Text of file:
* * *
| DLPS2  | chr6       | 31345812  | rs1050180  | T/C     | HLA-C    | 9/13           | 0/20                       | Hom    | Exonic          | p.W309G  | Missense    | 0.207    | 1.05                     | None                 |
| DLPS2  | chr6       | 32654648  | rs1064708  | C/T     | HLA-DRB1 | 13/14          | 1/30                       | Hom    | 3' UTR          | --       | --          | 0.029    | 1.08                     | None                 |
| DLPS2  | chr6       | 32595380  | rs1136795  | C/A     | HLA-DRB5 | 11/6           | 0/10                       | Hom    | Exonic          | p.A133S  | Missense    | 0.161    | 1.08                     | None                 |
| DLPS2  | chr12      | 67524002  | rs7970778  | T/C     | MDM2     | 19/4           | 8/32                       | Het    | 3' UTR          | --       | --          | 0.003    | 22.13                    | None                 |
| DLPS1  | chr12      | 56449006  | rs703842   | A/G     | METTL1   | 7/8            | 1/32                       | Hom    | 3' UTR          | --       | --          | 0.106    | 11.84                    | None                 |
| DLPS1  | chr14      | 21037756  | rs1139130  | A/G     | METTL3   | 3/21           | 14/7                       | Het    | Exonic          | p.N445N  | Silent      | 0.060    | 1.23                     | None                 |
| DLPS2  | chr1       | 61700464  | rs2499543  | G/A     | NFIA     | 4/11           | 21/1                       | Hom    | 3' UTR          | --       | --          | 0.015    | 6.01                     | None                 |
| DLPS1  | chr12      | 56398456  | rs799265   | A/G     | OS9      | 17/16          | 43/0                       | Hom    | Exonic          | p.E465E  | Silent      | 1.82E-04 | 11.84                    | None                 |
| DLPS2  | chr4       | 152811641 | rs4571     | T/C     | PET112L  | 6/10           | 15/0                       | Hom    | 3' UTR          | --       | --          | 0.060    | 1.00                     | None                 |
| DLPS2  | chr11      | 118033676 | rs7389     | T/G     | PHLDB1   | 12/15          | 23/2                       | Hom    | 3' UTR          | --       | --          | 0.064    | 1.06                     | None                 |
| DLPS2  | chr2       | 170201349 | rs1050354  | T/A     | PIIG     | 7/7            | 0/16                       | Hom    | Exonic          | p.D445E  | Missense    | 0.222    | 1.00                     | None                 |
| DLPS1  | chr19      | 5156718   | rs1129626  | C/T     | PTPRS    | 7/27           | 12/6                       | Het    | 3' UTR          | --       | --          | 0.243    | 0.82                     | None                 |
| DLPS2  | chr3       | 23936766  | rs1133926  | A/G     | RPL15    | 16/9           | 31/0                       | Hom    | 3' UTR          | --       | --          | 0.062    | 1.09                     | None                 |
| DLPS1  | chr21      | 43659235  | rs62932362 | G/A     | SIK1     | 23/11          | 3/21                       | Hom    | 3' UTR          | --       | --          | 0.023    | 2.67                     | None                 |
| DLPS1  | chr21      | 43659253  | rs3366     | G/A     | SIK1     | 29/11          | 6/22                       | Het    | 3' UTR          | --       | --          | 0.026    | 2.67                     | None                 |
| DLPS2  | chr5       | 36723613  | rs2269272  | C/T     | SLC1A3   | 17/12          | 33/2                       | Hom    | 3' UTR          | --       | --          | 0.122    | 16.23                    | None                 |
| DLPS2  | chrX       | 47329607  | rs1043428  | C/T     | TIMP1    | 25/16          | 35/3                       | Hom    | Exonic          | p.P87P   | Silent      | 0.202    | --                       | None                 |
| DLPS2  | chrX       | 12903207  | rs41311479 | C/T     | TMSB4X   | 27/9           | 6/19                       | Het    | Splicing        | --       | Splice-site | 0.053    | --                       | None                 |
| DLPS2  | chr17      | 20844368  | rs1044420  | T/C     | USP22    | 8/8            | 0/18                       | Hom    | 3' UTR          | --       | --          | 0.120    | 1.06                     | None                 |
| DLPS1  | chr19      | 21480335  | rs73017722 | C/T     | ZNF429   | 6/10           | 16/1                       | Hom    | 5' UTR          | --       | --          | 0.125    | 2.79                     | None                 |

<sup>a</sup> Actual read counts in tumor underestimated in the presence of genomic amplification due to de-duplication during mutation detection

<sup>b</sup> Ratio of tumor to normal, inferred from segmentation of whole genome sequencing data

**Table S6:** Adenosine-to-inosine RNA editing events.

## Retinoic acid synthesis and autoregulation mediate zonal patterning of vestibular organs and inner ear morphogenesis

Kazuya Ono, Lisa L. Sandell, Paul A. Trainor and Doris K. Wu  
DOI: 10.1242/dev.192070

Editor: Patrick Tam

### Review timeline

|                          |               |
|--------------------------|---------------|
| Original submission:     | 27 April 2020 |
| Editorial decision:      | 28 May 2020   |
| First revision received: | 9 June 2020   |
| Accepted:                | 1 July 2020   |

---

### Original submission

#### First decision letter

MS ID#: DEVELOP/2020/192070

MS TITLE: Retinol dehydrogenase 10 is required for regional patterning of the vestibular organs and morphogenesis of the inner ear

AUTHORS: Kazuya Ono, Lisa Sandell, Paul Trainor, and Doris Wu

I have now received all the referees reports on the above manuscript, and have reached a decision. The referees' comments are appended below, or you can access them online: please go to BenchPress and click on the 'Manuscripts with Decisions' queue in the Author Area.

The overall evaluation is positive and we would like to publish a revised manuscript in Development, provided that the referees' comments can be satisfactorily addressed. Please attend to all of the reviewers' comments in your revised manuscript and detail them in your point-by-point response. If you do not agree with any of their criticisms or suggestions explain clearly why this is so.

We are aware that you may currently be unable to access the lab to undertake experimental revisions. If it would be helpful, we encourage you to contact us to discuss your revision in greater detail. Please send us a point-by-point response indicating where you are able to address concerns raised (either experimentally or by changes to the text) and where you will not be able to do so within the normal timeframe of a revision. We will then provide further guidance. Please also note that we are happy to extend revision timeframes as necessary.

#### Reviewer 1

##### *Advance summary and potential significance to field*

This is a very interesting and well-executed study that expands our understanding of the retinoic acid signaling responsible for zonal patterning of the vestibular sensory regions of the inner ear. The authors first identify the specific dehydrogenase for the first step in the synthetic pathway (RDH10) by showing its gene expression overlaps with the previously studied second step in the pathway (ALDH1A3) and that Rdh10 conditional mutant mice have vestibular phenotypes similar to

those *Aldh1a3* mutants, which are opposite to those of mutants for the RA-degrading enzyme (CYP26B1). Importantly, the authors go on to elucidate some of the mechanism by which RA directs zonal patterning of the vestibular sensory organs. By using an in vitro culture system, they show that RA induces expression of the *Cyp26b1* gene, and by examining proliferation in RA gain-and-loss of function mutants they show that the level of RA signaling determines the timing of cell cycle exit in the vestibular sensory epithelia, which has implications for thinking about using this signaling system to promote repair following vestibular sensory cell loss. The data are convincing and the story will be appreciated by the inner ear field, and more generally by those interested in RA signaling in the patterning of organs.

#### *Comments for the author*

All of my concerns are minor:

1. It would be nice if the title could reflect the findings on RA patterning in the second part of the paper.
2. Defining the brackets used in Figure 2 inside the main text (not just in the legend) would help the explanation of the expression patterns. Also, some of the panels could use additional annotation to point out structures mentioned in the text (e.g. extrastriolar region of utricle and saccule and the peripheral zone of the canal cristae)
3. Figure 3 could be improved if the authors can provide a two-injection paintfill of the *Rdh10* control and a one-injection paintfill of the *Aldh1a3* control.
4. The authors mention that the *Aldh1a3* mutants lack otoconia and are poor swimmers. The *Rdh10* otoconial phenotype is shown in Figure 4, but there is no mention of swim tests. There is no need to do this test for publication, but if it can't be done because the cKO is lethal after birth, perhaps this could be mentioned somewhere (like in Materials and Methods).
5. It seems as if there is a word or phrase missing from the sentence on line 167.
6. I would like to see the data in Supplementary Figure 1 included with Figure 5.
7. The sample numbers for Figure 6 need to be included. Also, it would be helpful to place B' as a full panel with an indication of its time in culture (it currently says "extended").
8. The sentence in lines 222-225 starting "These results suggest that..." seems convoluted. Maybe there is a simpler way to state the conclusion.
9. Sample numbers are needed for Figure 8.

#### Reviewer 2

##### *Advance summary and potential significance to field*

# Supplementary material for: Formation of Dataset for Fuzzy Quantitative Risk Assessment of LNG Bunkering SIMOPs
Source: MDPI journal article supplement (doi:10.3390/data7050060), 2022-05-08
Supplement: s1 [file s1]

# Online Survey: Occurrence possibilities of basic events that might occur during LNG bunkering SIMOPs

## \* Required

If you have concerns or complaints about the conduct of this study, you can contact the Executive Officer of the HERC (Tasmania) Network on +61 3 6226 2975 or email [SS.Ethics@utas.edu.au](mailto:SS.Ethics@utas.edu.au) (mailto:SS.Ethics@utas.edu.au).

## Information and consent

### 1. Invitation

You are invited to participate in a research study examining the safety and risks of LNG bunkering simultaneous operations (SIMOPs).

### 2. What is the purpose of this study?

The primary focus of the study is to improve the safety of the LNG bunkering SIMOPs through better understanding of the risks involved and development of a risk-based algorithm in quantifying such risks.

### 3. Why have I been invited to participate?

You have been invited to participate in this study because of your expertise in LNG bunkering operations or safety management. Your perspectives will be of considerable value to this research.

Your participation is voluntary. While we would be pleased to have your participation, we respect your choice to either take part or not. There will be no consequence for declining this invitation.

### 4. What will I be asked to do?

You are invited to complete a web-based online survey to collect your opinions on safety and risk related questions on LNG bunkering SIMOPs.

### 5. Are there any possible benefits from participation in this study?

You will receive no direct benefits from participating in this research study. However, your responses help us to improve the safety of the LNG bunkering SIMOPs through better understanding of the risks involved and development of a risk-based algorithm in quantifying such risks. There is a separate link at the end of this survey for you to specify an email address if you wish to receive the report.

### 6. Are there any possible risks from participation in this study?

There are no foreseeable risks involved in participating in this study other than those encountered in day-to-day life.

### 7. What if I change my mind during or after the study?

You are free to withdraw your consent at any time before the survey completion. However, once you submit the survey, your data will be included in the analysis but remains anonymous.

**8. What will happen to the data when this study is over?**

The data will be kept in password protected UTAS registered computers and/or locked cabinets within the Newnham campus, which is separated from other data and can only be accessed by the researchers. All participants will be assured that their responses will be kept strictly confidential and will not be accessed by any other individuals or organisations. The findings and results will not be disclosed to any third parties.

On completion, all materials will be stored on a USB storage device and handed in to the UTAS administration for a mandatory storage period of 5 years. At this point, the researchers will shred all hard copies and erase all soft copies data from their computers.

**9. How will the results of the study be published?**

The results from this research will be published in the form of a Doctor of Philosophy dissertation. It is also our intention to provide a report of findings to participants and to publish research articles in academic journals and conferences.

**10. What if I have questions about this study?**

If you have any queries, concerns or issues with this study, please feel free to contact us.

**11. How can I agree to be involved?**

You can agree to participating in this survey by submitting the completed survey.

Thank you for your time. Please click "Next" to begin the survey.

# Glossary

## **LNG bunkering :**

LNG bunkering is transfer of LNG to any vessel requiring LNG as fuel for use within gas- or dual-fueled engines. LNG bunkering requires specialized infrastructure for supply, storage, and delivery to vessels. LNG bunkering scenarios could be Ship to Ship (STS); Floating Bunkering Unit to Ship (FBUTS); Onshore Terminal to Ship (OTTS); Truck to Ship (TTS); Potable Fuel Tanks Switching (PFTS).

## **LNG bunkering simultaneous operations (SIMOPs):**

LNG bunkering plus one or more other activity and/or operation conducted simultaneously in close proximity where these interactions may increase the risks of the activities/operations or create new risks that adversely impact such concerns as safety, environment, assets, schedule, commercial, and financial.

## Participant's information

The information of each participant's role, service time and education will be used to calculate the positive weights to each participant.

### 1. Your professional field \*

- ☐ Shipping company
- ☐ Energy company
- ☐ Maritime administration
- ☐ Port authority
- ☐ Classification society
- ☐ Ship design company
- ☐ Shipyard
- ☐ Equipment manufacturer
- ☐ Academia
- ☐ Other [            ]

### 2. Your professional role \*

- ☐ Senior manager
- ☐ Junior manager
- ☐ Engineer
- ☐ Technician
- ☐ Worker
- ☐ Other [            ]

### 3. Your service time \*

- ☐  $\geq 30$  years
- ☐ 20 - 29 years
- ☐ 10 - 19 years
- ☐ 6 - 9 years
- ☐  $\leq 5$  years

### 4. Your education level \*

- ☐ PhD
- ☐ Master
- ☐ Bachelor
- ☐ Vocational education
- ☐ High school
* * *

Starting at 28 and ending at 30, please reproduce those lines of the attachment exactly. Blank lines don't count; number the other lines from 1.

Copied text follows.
### Review timeline

|                          |               |
|--------------------------|---------------|